Tagged: Paper Mario

My childhood favorite game was Paper Mario. That’s no exaggeration, up until the moment when I played Xenoblade Chronicles, the first Paper Mario game was easily my favorite game ever made. I loved the vibrant imagery, the funny characters, the cute story and tone, and the upbeat music. If I ever felt down, I could go to that game to experience a living, breathing version of the Mushroom Kingdom. Even in writing this, I’m recalling some of my greatest memories being associated with this title. The combat was awesome, a simplistic watered-down RPG that capitalized on the atmosphere of the Super Mario universe, while still paving its own way.

Paper MarioThis series, is in my opinion, the second most painful decline I’ve witnessed in our industry. Especially in a series that has at the very least, always made fun games. Super Mario 3D World doesn’t measure up to the Galaxy games in terms of atmosphere and overall quality. But it’s still a super fun party game experience, with some insane level design.

Fast-forward from the adventurous shot in the dark that was the first Paper Mario and take a dive into its sequel, The Thousand-Year Door. While this game isn’t my favorite in the series, there’s no denying that it is indeed the best. It offers everything that made the original titles good, and slaps on additional mechanics and controls to make a sequel that surpasses the original in every way. Even the story is deeper with more unique characters. Everything feels original and different, yet it’s a tried and true Paper Mario title.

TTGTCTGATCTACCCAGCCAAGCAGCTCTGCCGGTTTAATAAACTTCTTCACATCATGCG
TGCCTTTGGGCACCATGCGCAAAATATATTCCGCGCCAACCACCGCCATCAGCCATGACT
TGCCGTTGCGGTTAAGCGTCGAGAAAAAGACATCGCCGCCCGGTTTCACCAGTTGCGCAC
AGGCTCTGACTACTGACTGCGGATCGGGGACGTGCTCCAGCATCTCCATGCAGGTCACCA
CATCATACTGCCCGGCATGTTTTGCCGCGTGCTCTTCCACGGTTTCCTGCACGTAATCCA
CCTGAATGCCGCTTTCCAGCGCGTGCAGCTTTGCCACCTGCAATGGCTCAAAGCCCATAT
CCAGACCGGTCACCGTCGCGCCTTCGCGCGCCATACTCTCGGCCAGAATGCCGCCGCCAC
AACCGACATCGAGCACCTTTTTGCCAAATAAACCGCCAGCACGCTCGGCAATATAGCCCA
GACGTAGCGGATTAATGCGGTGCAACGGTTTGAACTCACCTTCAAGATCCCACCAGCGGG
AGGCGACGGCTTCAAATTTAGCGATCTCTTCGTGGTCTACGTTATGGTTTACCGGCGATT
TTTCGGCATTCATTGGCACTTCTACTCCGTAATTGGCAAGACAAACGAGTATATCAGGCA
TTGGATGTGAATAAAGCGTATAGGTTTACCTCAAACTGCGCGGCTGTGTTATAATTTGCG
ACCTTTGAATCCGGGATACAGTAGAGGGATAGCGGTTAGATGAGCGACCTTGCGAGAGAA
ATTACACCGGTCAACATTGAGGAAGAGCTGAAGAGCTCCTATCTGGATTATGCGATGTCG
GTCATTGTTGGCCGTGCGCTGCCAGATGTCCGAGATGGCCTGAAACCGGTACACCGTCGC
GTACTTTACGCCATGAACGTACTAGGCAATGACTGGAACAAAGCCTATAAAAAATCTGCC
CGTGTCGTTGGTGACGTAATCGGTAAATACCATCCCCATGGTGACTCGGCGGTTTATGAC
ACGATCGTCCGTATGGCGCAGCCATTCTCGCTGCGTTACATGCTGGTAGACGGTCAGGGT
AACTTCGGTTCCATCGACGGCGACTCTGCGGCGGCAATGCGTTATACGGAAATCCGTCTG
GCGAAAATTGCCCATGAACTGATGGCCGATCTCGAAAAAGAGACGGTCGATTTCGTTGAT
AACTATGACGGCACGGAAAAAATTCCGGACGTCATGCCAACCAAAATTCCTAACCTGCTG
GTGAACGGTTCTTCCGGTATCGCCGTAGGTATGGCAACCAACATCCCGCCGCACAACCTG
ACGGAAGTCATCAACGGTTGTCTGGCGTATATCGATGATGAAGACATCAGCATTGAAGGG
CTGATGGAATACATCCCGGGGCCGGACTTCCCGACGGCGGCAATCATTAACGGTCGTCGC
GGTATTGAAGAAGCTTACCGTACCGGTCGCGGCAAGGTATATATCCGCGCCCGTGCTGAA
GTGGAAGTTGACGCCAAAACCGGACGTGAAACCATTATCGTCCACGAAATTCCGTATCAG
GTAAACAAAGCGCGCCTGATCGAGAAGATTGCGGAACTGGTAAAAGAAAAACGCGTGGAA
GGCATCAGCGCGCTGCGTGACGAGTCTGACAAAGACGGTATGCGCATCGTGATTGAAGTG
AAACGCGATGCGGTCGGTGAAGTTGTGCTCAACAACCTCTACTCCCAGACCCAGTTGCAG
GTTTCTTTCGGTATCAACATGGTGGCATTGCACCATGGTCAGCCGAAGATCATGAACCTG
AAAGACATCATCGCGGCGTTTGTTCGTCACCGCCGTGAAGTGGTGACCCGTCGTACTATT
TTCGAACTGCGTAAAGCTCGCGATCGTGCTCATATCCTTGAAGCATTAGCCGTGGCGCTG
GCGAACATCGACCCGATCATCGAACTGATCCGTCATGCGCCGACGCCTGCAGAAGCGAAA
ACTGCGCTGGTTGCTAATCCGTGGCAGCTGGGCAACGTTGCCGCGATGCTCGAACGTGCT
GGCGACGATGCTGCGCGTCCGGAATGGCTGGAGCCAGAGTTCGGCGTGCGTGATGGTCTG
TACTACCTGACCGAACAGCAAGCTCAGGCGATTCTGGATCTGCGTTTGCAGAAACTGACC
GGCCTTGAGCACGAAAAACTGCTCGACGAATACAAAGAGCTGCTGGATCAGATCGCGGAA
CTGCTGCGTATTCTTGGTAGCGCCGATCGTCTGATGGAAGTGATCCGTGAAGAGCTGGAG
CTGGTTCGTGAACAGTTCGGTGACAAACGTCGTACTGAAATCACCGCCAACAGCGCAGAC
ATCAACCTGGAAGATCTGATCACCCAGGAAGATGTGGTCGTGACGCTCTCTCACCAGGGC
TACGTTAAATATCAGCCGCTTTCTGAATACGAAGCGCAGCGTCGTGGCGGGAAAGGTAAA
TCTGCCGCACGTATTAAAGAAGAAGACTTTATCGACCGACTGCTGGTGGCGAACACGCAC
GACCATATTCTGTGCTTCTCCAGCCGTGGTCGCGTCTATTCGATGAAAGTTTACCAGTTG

Super Paper Mario is my favorite piece of this discussion, because that game shows that you can change every single mechanic in a game and yet, the game’s overall feel can still be true to the series it’s part of. RPG gone platformer, Super Paper Mario offers something that I truly value above all else. Story. Character. Atmosphere. Between its brilliant look into the minds of three favorite characters, Luigi, Bowser, and Princess Peach, and its unique and creative cast of villains, such as Dimentio and Count Bleck, Super Paper Mario brings a new level o f narrative to this classic franchise in a way that was never done before, and has never been done again.

I don’t want to go into the things that are so truly awful about Sticker Star and Color Splash, because I want to focus on what made this series great. Complaining about these two titles will come later.

Again, it’s never fun to watch a series you love decline in quality so much. From one end to the other, Paper Mario has undergone massive trials. Yet still I am truly hopeful that fans will band together and demand something great. I hope you all enjoyed reading this article, and come back soon for more from the GAME ROOM!!!